A 7-foot-long robot arm will hold instruments for soil analysis. Unlike earlier rovers, Curiosity can gather rocks and soil to process inside its lab. The rover also has tools to look for water beneath the surface, to monitor the weather and to measure natural radiation.
Curiosity is designed to roll over obstacles up to 25 inches (about 65 centimeters) high and to travel about 660 feet (200 meters) per day. Its energy source will be a radioisotope power generator.
Landing will be tricky because of the rover’s size. As it descends, the spacecraft will make S-curve maneuvers like those used by shuttle astronauts. Three minutes before touchdown, a parachute and retrorockets will slow the spacecraft. Then, seconds before touchdown, an upper stage will act like a sky crane, lowering the upright rover on a tether to the surface.
When Curiosity arrives at Mars, three satellites already in orbit will be listening: NASA’s Mars Odyssey and Mars Reconnaissance Orbiter and the European Space Agency’s Mars Express. The spacecraft will be positioned to receive transmissions about Curiosity’s status and relay information to Earth.
(CNN) – Travel faster than the speed of light? Really?
Back in September, scientists found that tiny particles called neutrinos appeared to do just that, defying Einstein’s special theory of relativity.
It could be a fluke, but now the same experiment has replicated the result. It’s not hard proof yet, though; other groups still need to confirm these findings.
Physicists with the OPERA (Oscillation Project with Emulsion-tRacking Apparatus) experiment said in September that neutrinos sent about 454 miles (730 kilometers) from CERN in Switzerland arrived at Italy’s Gran Sasso National Laboratory a fraction of a second sooner than they should have according to Einstein’s theory.
Using data from NASA’s Lunar Reconnaissance Orbiter (LRO) spacecraft, scientists have created the highest resolution topographic map of the moon in existence.
The map shows the surface shape and features over nearly the entire moon, according to researchers. It was composed from 69,000 stereo models from the Wide Angle Camera aboard the LRO.
This map covers 98.2% of the lunar surface; persistent shadows near the poles prevent a complete stereo map at the highest latitudes, NASA said. But another instrument on the LRO, called the Lunar Orbiter Laser Altimeter (LOLA), is very good at mapping at the poles, and can be used to fill in the gaps.
The colors on the map represent altitude.
Because of the limitations of instruments on previous spacecraft, a global map of the moon’s topography at high resolution has not been possible until now.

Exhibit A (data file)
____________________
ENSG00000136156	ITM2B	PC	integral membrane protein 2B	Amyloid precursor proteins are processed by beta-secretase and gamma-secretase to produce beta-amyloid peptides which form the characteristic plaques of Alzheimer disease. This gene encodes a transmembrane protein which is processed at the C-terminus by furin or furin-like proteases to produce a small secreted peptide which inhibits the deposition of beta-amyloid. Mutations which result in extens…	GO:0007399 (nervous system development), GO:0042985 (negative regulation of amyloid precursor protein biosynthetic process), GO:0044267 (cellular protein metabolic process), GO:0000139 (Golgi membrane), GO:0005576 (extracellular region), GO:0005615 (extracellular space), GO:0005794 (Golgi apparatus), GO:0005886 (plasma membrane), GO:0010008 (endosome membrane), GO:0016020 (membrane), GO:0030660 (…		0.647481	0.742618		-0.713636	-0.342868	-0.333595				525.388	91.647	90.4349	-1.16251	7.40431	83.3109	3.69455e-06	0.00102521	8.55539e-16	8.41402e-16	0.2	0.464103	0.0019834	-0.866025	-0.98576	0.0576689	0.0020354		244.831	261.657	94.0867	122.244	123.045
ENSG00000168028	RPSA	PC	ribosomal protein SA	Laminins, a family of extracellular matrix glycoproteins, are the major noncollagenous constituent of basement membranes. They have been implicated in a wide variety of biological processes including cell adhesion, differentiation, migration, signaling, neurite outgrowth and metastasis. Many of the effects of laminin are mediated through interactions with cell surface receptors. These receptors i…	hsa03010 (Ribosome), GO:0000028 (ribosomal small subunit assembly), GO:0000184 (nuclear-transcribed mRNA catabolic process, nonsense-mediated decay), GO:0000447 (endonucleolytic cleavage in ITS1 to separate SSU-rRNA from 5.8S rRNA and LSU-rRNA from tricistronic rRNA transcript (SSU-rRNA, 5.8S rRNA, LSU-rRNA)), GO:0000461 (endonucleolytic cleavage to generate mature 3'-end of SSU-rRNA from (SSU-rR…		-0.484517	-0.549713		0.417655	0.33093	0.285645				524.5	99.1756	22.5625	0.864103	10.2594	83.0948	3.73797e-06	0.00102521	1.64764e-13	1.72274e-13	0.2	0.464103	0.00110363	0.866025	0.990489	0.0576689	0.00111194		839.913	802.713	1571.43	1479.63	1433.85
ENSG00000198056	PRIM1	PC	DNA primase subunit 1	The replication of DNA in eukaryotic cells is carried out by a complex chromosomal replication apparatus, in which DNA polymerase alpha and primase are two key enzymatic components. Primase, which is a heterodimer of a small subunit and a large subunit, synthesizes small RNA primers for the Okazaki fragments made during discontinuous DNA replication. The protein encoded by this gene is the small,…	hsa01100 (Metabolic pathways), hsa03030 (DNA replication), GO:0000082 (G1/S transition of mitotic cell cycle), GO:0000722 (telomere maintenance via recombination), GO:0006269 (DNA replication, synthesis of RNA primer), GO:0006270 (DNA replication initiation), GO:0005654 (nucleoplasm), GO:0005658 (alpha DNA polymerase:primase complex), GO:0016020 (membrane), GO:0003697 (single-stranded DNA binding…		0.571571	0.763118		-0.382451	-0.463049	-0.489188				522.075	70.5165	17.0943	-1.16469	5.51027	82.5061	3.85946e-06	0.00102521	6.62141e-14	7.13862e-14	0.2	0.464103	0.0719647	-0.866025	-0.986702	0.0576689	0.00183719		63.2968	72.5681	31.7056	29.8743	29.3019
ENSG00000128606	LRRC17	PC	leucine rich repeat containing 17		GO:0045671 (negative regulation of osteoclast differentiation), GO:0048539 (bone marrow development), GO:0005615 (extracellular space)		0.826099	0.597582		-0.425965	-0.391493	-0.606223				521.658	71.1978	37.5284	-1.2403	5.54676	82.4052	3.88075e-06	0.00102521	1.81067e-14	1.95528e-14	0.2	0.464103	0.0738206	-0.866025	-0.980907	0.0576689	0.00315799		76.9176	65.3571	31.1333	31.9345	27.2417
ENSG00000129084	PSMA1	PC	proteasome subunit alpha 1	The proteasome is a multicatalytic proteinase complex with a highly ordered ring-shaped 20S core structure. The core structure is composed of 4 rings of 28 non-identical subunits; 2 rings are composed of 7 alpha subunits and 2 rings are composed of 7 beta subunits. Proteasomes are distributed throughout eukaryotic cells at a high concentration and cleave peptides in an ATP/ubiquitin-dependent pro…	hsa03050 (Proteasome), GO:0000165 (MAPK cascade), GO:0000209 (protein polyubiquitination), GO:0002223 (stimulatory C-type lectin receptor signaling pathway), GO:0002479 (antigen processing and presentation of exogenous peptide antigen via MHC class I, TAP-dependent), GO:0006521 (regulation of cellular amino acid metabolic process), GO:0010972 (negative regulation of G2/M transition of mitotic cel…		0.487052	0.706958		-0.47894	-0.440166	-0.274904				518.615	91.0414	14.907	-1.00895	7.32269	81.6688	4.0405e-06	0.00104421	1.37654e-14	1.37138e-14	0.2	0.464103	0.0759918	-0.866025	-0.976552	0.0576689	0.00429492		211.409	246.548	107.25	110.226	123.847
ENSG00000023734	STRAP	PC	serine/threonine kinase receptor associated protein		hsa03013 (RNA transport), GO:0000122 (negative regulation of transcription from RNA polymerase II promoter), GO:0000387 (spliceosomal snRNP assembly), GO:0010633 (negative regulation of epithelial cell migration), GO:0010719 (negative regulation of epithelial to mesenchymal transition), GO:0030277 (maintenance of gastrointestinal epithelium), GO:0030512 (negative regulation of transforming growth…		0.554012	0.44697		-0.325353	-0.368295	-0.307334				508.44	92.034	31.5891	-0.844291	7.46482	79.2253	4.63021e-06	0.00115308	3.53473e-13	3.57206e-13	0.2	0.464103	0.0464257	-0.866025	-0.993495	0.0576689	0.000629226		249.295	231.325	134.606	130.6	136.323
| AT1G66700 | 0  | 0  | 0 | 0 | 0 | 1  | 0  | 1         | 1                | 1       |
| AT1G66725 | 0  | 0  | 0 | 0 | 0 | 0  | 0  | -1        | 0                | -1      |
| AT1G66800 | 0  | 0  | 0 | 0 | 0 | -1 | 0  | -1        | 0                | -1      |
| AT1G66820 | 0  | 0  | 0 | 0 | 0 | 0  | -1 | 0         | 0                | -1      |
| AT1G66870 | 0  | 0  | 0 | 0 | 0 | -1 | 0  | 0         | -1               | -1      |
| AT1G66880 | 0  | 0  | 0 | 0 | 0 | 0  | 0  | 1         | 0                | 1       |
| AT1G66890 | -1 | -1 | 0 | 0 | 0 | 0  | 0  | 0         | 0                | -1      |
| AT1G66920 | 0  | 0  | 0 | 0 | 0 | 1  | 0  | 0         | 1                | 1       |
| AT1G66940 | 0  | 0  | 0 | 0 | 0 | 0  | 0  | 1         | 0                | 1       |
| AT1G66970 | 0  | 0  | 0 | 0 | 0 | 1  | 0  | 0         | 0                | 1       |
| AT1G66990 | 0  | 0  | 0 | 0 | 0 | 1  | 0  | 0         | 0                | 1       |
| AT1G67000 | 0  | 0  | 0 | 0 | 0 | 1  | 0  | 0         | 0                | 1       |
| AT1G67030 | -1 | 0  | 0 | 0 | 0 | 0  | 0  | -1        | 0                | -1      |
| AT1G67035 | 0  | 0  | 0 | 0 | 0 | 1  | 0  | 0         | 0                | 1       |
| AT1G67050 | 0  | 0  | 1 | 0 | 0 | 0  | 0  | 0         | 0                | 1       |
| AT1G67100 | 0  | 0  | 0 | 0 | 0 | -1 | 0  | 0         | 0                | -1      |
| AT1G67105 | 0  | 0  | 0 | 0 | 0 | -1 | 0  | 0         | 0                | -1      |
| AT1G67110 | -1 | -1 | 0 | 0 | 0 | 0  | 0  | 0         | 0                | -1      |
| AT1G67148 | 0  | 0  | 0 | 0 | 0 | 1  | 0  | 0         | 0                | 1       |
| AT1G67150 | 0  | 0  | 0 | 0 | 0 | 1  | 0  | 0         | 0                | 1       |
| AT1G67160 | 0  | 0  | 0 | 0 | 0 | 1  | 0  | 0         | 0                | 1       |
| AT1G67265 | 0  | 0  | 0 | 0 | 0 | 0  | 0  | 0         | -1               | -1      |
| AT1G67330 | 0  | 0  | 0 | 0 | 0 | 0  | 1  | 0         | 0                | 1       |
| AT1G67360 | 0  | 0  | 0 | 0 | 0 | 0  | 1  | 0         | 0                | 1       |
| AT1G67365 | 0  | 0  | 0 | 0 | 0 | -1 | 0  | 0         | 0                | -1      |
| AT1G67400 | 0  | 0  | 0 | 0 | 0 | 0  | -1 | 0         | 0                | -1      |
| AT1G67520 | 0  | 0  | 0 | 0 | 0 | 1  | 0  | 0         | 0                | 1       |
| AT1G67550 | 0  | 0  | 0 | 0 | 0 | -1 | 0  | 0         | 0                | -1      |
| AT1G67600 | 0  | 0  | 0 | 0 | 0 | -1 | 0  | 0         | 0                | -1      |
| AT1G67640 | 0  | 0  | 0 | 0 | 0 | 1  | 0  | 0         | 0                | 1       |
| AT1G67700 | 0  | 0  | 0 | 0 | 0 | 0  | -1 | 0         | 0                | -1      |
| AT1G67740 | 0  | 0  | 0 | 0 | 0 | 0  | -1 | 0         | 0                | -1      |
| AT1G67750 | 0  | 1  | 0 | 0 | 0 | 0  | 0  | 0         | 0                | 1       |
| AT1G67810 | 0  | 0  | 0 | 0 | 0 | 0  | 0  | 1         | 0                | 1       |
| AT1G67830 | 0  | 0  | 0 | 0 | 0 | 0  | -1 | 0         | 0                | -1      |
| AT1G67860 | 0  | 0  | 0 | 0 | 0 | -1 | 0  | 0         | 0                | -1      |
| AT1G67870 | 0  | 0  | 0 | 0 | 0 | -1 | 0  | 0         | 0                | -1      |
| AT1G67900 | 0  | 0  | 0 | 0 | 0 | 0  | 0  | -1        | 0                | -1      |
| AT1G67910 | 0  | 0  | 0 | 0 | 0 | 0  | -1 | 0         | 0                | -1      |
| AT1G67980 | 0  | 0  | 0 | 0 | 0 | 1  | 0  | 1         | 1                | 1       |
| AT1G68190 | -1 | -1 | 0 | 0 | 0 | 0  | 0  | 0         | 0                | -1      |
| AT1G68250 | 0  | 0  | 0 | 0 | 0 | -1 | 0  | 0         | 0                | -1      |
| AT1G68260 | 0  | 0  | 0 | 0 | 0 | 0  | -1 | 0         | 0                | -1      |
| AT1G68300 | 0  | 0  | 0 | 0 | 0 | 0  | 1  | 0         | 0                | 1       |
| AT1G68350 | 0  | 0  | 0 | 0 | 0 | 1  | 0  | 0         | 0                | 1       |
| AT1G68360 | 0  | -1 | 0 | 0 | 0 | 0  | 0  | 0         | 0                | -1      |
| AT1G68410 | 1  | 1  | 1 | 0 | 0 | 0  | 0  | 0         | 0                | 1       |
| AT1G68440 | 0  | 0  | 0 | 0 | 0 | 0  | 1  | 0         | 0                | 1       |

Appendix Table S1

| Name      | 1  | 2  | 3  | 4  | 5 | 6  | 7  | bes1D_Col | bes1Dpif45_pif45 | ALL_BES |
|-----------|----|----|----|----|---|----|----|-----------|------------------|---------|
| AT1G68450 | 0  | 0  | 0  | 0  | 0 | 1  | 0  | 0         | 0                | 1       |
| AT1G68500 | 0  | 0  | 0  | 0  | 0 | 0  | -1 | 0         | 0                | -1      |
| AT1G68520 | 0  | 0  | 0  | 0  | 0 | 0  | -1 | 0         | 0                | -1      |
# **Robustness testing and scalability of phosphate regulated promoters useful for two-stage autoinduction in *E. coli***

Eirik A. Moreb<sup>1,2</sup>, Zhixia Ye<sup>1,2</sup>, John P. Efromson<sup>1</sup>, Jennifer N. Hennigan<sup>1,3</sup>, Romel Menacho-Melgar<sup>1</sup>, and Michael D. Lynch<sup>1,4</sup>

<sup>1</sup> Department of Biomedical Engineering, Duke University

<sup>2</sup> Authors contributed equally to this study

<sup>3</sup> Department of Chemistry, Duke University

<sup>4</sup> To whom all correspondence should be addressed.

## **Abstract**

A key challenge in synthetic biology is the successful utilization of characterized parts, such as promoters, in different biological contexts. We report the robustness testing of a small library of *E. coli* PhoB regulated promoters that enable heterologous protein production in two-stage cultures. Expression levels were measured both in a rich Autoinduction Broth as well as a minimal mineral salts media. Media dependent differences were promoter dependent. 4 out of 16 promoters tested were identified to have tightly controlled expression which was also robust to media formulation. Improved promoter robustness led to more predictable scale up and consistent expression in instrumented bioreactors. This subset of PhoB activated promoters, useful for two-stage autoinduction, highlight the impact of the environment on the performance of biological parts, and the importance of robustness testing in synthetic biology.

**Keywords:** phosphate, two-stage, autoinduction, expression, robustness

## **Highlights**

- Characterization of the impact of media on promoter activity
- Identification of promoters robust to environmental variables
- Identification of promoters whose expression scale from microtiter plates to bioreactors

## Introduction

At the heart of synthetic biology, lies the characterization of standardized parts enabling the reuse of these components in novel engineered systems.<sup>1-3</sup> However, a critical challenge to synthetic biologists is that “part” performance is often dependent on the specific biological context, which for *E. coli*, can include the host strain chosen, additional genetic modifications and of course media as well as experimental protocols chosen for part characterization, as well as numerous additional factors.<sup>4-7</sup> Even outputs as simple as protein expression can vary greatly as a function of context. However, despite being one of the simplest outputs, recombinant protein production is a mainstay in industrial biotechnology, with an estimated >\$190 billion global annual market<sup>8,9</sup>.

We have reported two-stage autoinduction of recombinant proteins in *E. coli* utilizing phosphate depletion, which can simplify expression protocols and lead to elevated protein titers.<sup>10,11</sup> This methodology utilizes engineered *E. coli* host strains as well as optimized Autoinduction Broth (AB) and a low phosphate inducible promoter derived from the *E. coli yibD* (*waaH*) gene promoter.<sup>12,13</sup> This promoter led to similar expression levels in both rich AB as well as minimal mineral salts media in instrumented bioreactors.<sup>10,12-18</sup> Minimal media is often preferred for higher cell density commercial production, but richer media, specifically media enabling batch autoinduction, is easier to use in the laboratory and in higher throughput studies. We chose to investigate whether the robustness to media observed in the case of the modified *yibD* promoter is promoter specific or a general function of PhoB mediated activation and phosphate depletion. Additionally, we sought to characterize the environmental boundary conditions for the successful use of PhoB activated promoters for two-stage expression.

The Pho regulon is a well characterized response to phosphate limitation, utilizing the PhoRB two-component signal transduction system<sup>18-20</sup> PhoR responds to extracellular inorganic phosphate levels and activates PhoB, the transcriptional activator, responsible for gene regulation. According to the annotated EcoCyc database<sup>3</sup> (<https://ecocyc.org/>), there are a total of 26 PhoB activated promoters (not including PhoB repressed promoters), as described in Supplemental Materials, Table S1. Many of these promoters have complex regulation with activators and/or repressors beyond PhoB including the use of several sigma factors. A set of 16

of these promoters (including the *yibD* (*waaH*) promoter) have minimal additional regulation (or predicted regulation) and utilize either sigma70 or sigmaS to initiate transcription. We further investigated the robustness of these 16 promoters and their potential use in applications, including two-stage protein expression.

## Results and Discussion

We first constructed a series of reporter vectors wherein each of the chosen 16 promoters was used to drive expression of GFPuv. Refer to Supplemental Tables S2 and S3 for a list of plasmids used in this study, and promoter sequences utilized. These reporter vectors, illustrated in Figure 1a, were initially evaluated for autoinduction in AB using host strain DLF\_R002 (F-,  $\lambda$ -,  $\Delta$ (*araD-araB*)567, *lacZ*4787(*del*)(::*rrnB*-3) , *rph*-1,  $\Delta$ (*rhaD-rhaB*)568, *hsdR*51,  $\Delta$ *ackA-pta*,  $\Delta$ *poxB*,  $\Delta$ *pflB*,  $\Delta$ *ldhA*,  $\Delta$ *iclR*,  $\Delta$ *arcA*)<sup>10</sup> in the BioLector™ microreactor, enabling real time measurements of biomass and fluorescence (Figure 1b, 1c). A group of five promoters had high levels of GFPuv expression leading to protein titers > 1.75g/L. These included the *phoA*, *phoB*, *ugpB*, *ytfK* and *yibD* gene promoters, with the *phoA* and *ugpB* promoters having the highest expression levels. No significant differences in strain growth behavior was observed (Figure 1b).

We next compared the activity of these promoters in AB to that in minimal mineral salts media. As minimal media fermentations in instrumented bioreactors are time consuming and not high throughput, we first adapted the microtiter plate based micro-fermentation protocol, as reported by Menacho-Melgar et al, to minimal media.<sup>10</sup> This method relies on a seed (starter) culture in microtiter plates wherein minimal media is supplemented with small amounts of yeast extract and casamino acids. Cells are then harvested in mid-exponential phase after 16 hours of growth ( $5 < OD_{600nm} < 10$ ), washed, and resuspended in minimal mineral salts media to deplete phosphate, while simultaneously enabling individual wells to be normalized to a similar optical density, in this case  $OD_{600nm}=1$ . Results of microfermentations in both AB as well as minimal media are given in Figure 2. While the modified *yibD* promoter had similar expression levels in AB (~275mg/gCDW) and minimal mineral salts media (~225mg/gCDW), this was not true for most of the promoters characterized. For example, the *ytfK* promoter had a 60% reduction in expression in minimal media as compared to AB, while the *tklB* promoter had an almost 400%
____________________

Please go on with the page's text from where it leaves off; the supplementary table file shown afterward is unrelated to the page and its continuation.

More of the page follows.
“Our new topographic view of the moon provides the data set that lunar scientists have waited for since the Apollo era,” according to a statement from Mark Robinson, principal investigator of the Lunar Reconnaissance Orbiter Camera at Arizona State University in Tempe.
Every Friday, @CNNLightYears will suggest interesting and exciting space and science Twitter accounts to follow.
To help you keep up with the news on solar flares, coronal mass ejections and other news from our Sun, @CNNLightYears suggests you follow the trio of accounts related to NASA's Solar Dynamics Observatory.
SDO has a mascot, @Camilla_SDO, affectionately known as the "space chicken." Camilla Corona SDO's goal is to spread the news about the SDO mission through education and outreach activities.
You can also follow Twitter updates from @CNNLightYears.
Editor's note: Madhu Thangavelu is space projects director of the Cal-Earth Institute and a fellow at NASA's Institute of Advanced Concepts. He is an advisory board member of the American Institute of Aeronautics and Astronautics with a focus on the design of complex space projects, including space stations and exploratory missions. He also teaches at the University of Southern California.
By Madhu Thangavelu, Special to CNN
Four decades after the first man walked on the moon, we continue to live in a time of great technological and social opportunity. And yet, without vision, lacking direction and in an apparent state of ennui, human space programs are withering around the world.
The new economic powerhouses of China and India show great promise, but I suspect it will take those great nations years of infrastructure building before they can pull off any major feats in this arena, while established rivals-turned-partners like Russia and the U.S. seem to have difficulties envisioning and executing great and exciting new missions.